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Banking

Deposit Security

Look for higher ceilings on FDIC insurance for some accounts.

Jimmy Carter was president the last time Congress increased limits on accounts that are covered by the Federal Deposit Insurance Corp., from $40,000 to $100,000. Now lawmakers have authorized a new ceiling of $250,000 for savings held in retirement accounts, such as IRAs and self-directed Keoghs. The expanded coverage takes effect when the FDIC issues new regulations, which could take up to a year.

Under the law, maximum coverage on regular savings accounts will remain $100,000, although inflation adjustments will be possible starting in 2010. Initially, inflation must grow at least 10% over five years for coverage to increase, after which the ceiling rises in $10,000 increments.

But you don't have to wait till the new limits take effect to make sure your savings are insured for more than the current $100,000. The FDIC calculates insurance coverage based on whose name is on the account and how the account is set up. Say you and your spouse have a joint account and each of you has an individual account. You're covered up to $400,000. Retirement accounts and trust accounts for your kids qualify for even more coverage.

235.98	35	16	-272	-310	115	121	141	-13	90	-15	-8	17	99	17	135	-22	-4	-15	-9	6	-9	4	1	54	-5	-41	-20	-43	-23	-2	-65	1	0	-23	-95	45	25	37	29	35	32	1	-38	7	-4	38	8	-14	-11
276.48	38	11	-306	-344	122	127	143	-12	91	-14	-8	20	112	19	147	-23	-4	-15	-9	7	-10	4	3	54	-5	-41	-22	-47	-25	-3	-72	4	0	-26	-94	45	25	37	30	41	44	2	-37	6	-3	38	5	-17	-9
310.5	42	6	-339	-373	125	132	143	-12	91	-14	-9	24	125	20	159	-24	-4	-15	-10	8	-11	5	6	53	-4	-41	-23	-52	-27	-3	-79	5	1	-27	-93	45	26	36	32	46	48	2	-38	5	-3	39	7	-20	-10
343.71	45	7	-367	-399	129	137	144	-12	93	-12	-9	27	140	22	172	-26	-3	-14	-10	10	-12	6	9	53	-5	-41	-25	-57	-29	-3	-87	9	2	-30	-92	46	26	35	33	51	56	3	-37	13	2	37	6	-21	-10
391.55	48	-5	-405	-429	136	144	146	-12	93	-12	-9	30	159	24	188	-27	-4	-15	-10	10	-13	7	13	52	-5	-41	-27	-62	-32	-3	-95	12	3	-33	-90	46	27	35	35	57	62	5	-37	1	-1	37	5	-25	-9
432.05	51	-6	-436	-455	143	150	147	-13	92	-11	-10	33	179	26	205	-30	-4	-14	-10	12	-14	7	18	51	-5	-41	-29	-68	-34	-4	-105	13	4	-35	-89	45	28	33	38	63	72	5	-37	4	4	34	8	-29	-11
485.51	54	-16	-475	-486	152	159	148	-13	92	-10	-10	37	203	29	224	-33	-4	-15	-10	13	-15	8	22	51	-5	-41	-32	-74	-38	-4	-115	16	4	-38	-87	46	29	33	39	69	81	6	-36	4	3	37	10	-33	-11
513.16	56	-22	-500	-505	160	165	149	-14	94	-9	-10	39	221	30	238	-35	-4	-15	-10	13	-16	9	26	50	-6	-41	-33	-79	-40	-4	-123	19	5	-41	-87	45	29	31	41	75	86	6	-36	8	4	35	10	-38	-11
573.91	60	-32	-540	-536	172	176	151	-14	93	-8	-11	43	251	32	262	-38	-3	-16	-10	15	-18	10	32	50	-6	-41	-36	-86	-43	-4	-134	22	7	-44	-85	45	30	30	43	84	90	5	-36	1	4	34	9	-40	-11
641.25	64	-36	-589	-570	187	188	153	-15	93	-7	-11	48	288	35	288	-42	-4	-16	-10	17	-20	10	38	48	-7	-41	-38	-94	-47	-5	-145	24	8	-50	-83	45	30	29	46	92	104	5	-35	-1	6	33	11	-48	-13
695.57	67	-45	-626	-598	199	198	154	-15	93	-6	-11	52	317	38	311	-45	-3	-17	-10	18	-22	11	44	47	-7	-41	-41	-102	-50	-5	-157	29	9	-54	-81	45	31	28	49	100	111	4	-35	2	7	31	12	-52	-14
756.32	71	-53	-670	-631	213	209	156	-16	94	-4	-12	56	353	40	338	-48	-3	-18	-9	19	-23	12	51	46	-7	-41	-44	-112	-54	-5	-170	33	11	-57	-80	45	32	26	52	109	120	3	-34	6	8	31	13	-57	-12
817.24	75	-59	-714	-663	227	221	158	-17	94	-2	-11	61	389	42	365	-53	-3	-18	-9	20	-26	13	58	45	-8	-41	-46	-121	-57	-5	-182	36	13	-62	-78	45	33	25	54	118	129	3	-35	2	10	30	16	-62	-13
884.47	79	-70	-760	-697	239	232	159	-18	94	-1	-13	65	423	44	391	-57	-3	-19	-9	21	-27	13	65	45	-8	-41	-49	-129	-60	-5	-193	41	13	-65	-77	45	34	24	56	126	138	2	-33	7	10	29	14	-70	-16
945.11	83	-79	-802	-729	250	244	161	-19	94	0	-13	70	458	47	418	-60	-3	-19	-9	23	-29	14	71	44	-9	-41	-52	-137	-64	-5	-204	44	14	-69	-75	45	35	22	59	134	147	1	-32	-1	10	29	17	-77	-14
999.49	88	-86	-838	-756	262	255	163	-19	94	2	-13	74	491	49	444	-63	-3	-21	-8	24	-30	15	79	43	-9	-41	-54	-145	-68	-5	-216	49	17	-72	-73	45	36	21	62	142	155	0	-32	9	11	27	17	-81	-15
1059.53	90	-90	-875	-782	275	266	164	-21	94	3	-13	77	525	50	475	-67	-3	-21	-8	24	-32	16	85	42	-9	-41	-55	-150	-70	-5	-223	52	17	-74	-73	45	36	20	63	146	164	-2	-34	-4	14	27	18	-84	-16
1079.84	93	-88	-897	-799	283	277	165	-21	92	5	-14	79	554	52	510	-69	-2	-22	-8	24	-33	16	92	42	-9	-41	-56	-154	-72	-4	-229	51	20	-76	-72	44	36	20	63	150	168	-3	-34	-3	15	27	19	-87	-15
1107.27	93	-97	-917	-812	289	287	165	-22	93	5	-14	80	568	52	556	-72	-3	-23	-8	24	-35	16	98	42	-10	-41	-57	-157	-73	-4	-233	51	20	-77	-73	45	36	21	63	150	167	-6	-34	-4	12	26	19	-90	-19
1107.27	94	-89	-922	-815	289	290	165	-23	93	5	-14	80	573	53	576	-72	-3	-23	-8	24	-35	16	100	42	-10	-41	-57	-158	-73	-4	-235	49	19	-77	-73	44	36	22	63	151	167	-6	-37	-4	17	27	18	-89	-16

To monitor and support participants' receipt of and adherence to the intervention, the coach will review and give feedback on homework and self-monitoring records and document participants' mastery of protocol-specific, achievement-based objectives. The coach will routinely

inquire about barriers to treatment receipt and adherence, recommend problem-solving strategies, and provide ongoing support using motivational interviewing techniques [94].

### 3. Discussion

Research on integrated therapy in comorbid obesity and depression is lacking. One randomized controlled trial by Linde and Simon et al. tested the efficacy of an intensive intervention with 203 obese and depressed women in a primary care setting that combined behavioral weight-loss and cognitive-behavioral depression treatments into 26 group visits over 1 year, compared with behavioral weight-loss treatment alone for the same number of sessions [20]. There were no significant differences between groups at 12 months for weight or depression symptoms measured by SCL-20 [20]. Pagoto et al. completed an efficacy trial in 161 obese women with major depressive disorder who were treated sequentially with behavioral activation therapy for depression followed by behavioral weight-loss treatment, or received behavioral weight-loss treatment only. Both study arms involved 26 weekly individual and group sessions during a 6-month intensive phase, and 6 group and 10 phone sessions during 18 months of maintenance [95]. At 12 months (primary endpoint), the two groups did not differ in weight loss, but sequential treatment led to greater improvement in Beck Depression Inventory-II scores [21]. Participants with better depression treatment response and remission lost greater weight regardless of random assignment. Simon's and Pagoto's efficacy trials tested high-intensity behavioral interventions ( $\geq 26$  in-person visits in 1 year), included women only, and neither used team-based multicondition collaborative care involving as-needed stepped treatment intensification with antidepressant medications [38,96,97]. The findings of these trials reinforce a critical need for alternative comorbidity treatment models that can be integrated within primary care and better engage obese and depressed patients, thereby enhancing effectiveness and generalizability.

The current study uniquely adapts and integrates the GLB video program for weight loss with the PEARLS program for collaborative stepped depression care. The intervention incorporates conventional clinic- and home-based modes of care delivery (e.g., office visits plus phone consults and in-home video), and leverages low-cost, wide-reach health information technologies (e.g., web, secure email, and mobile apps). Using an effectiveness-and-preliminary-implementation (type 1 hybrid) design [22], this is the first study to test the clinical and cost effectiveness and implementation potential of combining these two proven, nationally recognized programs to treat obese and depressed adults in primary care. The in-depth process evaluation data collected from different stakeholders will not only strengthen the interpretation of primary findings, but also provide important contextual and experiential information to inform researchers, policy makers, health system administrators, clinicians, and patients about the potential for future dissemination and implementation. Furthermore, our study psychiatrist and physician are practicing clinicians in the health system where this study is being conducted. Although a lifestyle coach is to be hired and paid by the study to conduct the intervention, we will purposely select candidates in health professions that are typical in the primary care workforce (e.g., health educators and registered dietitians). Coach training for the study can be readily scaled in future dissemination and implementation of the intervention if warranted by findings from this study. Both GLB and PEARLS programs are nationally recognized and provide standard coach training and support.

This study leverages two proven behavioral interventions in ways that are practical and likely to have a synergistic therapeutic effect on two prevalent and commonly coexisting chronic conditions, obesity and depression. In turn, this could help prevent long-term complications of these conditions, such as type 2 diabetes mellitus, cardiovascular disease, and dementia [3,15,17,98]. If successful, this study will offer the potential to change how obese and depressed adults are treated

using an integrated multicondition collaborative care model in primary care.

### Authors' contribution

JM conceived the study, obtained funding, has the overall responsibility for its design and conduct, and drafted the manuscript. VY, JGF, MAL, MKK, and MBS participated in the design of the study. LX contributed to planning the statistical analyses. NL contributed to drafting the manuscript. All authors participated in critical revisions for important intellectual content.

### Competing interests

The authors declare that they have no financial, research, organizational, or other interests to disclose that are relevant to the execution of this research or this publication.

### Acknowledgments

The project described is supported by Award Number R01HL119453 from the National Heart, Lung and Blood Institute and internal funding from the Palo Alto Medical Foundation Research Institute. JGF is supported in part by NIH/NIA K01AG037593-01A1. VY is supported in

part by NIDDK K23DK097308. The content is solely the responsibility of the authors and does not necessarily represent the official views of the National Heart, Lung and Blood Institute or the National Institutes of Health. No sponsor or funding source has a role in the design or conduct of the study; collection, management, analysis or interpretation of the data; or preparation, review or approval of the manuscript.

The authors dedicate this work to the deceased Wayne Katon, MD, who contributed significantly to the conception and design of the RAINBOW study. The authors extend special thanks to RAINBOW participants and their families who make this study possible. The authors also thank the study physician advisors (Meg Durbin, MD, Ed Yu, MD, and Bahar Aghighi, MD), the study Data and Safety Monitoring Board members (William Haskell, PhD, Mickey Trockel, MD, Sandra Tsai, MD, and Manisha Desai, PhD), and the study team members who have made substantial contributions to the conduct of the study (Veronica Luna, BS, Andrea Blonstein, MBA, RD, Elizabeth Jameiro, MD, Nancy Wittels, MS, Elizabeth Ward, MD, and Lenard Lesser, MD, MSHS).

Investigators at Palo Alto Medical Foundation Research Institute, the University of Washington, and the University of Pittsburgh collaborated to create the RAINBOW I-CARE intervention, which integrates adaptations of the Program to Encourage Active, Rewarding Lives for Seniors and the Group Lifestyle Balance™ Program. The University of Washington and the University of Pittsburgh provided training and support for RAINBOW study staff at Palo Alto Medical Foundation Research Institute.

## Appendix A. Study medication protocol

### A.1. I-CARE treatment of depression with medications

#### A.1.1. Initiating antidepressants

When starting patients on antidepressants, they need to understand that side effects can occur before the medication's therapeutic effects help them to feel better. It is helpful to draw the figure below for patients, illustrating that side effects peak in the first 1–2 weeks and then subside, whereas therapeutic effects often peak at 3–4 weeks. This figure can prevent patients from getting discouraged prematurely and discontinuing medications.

To verify that your bank is a member of the FDIC, go to www.fdic.gov. To confirm that all your money is covered, use the site's Electronic Deposit Insurance Estimator.

-- Joan Goldwasser